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A Week in the Life of a Museum Interpreter…

As I returned for my fifth summer at the Canadian Museum of Immigration at Pier 21, I wondered if I was pushing my luck. After all, doing the same work for a summer job several years in a row is more than likely to get dull and repetitive. The Museum, however, is a wonderful place frequented by many fascinating people. Not a week goes by without something remarkable happening. This constantly reminds me that, although I am generally doing the same type of work each summer, there is no end to the new and exciting experiences. I would like to share some of the remarkable experiences from my last summer at the Museum.

“I just want to see her name on a piece of paper.”

One of the things I love about the Museum is its emphasis on one’s personal story. No matter who you are, you have a story and we are here to honour that.

I frequently meet people who want to look up their personal immigration information, or that of a relative. One day, a man came up to me and mentioned that he was stopping by to see if we had anything on his mother. I enquired about her details—her country of origin and her date of arrival—to gauge the probability of us having information for him.

S.S. Walnut, 1948. Canadian Museum of Immigration at Pier 21 (DI2013.1293.2).

The more he told me, the more I realized that we may have difficulty finding information. As I tried to explain this, he looked at me and simply said, “I just want to see her name on a piece of paper.” The sentence struck me with its accuracy. People come to the Canadian Museum of Immigration at Pier 21 because we aim to recognize the story of the individual. Something as simple as a name on a list can bring a person to tears. In my time here, I’ve come to realize that a name on a piece of paper symbolizes so much more than letters on a page. It is validation for individuals; it says “We remember you. Your story is important to us.”

Fortunately, for this particular man, his search for a “Name on a piece of paper,” was not in vain. At the last minute, he mentioned that his mother had arrived on the Walnut, a ship featured in our permanent exhibition. It was very satisfying to see that, not only did we have his mother’s name on paper; we had even more to show him about her journey to Canada.

“This sounds like what happened to...”

There are ways of getting more out of a Museum visit than what is directly available. For example, visitors can compare and contrast stories in the Museum with their own experiences or general knowledge and see how they relate to each other. It is always satisfying to see visitors engage with the content in this way; it shows how we are relevant and can reveal many fascinating new perspectives.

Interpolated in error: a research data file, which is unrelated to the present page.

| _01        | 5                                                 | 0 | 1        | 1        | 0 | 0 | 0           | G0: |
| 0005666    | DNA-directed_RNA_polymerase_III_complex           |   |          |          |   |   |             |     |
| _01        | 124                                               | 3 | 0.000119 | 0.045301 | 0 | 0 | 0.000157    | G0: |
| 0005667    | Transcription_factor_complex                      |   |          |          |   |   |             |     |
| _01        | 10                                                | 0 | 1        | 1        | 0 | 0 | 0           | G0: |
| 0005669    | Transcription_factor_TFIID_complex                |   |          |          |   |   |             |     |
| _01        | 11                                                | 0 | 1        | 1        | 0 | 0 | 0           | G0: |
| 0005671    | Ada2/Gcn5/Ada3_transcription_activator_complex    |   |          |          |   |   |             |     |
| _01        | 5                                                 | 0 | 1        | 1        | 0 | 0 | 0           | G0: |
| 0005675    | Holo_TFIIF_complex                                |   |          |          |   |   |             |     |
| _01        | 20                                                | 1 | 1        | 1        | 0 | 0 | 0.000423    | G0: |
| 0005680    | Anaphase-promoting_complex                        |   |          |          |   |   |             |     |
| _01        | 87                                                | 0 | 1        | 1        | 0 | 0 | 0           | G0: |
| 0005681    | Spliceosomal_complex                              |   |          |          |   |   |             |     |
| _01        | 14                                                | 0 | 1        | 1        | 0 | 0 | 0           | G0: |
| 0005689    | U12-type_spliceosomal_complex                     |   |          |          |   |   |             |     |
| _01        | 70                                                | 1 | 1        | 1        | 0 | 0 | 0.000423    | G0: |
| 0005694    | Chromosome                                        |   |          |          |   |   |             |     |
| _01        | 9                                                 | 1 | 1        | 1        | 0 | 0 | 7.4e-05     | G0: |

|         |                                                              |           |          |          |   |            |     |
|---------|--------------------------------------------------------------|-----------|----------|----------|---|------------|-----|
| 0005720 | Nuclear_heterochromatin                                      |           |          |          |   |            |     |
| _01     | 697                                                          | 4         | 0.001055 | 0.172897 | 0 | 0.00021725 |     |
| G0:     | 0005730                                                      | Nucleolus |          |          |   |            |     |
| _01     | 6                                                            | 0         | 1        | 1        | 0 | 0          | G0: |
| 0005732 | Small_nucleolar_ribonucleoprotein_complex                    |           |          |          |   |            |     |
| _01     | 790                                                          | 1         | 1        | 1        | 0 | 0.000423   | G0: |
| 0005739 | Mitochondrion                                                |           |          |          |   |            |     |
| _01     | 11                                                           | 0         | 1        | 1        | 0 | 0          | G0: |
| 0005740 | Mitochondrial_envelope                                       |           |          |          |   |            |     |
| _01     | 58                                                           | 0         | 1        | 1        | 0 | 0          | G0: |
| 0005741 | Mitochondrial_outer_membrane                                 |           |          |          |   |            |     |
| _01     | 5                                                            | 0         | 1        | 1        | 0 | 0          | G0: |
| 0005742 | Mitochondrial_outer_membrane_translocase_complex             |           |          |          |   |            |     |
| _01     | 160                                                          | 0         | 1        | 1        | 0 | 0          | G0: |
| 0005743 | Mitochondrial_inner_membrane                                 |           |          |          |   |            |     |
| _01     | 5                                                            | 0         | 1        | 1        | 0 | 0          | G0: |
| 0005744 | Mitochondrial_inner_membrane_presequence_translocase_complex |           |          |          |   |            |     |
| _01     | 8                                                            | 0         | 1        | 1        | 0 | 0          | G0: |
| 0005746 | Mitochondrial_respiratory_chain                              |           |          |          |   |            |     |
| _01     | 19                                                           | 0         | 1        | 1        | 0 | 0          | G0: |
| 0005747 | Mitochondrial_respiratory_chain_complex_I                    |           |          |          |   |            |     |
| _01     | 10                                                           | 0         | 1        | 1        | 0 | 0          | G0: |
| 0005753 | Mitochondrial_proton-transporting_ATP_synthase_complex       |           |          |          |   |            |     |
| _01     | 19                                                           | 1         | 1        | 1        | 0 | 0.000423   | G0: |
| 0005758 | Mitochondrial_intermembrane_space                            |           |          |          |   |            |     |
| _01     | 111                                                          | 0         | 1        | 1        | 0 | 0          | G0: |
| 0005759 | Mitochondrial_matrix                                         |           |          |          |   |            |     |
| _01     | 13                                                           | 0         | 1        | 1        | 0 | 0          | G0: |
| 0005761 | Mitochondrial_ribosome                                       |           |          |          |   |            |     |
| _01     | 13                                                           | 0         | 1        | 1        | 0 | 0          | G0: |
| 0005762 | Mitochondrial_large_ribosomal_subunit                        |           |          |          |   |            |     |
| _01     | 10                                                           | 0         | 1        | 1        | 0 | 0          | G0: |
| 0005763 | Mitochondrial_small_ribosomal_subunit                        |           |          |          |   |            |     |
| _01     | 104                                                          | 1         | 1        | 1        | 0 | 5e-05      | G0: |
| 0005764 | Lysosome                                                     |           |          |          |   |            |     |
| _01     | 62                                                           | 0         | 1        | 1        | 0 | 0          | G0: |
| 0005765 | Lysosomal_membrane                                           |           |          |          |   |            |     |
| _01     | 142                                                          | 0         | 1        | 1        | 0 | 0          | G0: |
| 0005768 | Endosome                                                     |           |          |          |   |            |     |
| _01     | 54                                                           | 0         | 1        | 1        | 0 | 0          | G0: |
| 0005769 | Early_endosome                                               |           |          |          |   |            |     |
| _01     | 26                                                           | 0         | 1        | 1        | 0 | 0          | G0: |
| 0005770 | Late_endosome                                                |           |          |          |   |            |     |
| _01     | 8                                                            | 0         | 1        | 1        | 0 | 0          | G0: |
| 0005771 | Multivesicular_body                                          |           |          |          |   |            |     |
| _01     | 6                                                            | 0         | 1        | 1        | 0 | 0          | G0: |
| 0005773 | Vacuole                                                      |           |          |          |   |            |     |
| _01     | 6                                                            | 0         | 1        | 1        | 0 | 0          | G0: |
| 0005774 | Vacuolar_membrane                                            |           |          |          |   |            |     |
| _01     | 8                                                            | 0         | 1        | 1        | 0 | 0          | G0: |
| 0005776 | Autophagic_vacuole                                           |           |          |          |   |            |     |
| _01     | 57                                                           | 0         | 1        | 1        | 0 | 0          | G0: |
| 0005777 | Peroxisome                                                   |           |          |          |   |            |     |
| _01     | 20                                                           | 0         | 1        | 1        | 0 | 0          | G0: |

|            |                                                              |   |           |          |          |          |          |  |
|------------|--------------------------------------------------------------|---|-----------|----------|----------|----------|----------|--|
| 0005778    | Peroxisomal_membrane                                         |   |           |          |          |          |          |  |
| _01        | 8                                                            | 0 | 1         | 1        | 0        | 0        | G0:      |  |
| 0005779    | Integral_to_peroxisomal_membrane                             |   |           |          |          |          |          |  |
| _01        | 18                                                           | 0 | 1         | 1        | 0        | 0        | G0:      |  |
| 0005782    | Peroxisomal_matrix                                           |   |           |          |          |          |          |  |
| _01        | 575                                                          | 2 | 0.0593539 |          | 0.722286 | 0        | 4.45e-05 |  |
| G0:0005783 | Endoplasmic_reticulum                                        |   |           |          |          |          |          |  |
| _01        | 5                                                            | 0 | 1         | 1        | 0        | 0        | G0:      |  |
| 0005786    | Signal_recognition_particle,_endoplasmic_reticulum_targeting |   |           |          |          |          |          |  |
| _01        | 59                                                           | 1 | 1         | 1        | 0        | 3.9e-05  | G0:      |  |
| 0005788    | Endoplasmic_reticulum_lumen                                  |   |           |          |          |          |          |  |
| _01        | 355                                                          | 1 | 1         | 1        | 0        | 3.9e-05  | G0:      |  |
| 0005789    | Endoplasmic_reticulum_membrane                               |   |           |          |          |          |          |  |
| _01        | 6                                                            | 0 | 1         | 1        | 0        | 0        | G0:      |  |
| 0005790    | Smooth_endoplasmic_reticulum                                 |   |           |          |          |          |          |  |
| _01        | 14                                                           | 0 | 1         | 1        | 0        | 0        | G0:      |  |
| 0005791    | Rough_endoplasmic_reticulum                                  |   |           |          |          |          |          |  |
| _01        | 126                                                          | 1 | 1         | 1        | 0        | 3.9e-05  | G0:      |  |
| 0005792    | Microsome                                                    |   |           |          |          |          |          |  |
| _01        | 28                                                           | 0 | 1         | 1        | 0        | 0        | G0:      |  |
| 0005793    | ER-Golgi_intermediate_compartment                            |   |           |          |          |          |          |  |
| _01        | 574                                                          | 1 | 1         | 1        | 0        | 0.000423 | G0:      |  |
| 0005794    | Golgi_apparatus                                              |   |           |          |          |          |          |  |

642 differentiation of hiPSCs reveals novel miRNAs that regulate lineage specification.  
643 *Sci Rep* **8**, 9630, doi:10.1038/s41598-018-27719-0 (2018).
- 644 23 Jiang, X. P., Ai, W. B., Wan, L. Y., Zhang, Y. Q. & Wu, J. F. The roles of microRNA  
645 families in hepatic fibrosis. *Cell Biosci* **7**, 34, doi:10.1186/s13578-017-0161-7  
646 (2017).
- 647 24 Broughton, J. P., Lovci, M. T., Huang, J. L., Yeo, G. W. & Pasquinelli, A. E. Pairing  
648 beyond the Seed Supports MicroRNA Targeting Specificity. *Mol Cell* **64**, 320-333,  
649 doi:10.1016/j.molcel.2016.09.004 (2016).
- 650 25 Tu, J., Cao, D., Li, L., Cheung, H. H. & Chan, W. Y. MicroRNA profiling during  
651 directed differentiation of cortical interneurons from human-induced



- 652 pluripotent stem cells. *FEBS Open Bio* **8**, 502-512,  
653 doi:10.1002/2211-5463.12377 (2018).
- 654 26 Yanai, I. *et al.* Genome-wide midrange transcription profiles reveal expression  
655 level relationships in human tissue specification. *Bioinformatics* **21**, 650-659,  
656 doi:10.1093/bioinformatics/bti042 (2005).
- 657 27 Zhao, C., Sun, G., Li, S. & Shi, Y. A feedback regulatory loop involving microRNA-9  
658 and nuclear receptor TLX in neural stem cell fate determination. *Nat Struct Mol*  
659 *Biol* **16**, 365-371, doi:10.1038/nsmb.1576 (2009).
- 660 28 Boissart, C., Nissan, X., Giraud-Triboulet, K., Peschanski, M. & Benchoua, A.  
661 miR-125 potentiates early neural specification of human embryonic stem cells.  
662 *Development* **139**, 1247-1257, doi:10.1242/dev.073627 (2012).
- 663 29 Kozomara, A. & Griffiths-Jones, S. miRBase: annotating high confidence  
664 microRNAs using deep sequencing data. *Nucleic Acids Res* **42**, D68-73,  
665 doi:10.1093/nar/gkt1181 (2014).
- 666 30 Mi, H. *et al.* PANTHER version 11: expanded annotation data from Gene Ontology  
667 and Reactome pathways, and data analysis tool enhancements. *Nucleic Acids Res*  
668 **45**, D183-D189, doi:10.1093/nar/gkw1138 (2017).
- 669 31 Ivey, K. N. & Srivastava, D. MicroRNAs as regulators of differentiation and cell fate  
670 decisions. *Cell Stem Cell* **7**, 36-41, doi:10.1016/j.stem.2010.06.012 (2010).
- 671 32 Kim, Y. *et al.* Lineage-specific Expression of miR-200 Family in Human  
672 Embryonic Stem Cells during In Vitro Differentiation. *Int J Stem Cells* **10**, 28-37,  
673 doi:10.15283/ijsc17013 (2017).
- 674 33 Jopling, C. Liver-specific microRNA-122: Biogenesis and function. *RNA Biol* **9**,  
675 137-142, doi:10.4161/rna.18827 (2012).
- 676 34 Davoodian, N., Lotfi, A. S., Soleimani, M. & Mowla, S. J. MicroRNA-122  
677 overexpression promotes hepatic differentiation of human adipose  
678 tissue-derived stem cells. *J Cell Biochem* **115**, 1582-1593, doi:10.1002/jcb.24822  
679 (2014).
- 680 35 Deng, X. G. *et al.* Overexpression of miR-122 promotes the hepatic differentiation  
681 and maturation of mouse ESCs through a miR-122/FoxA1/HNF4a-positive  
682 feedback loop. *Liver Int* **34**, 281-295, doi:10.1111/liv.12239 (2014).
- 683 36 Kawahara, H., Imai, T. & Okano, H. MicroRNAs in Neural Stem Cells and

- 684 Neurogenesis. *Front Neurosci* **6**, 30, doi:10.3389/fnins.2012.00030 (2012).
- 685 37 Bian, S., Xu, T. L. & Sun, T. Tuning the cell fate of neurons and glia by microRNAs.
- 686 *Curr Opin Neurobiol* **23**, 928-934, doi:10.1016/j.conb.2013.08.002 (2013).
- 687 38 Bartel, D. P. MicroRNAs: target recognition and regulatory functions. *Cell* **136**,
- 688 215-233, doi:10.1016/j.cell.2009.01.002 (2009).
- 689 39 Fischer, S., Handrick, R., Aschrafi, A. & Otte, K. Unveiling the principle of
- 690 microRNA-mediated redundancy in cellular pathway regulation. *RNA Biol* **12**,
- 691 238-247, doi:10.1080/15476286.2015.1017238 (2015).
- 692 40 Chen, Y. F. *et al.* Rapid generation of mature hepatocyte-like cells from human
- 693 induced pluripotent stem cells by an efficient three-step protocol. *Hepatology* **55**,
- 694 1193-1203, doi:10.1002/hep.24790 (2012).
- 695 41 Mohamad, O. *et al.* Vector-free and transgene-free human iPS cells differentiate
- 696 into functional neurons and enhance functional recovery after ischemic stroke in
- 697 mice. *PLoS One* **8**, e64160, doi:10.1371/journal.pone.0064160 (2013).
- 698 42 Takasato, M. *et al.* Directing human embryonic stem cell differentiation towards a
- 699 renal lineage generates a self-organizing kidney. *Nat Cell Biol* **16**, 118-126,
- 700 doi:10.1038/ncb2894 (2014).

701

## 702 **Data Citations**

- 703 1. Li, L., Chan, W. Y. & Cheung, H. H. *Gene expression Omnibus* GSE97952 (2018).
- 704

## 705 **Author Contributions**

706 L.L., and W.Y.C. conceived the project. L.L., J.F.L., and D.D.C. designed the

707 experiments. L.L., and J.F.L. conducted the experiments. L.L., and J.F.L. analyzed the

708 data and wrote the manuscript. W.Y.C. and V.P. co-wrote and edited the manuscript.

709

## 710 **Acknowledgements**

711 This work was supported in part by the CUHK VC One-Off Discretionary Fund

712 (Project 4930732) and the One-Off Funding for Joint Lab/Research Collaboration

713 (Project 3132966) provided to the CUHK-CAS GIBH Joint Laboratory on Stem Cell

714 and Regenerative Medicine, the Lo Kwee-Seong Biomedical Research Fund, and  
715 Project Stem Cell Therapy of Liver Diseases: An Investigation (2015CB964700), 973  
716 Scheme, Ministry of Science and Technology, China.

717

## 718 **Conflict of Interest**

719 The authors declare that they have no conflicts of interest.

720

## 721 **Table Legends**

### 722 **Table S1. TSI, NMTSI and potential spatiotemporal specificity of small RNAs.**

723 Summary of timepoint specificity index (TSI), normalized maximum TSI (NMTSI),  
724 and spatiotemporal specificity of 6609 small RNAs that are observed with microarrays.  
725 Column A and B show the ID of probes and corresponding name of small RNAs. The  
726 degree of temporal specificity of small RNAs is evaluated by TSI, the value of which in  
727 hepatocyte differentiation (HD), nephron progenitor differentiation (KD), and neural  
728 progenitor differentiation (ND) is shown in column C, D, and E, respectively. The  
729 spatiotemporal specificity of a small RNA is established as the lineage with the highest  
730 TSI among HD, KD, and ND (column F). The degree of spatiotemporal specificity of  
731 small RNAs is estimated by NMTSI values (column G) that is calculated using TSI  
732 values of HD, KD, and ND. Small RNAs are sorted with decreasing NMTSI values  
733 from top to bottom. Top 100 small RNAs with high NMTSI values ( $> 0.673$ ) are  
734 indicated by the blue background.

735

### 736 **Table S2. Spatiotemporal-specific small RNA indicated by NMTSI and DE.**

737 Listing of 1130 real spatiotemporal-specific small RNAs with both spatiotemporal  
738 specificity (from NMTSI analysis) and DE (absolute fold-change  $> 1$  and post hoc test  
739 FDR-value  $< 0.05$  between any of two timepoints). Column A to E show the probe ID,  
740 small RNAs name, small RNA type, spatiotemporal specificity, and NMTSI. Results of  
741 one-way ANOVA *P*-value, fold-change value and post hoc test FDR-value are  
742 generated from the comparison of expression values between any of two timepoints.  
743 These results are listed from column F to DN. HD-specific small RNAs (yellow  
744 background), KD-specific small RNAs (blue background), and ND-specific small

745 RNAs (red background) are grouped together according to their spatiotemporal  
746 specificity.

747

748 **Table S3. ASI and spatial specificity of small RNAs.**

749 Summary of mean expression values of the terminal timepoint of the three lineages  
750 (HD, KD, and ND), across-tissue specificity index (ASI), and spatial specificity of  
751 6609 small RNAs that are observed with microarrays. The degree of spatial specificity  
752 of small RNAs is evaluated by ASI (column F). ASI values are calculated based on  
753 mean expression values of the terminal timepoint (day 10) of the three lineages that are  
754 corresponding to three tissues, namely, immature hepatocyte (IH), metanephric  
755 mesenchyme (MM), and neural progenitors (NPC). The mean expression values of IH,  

One week, I gave a tour and a workshop to a group of high school students. At the end of the day, we had some time to debrief and discuss their visit and experiences. Oh boy, was I ever impressed with them! Not only did they understand and empathize with the stories we shared, they even made a connection between Museum material and current events.

We discussed the challenges that arise when immigrants or refugees arrive in Canada not speaking English or French. To give the students an idea of what it would be like, I asked them some questions in Spanish which none of them understood. Afterwards, their teacher said, “This sounds like what happened to…” and went on to describe current immigration-related stories in the Canadian news media. She brought up poignant examples which well-illustrated the relevance of Canada’s immigration history to present-day happenings. The comparisons effectively brought home this message for the students.

“I just love a challenge!”

I got to take part in a tour for a special guest the same day as the school group. For this particular occasion, Ruth Goldbloom*, a former Trustee here at the Museum and a driving force behind Pier 21’s restoration gave the tour with me, sharing many of her personal experiences.

I had the pleasure of meeting Ruth many times and almost every time I heard a different story about her involvement in the founding of the Museum. This time, I got to hear the full story about how she raised $9 million dollars to open our doors. From badgering government officials incessantly, to meeting the challenge of raising several thousand dollars in a single day, Ruth did more than I ever imagined an individual was capable of doing. The best part, though, was her final comment on the saga: “Oh, you know me, I just love a challenge.” Well, she certainly was up for the challenge, and I’m glad that she brought the rest of us with her.

Ruth Goldbloom, O.C., O.N.S., standing outside the Museum at Nation Builder’s Plaza. Photo by Danny Dechtiar.

Ruth Goldbloom, O.C., O.N.S., standing outside the Museum at Nation Builder’s Plaza.
Photo by Danny Dechtiar.

*Bloggers' Note: Ruth passed away in August 2012 but her spirit will always be part of Pier 21. Her memory will continue to inspire others, like me, who are passionate about sharing the Canadian immigration story.

Editor’s Note: This blog was written by Mariana about her experiences as a Visitor Experience Interpreter at the Museum during the 2012 summer season.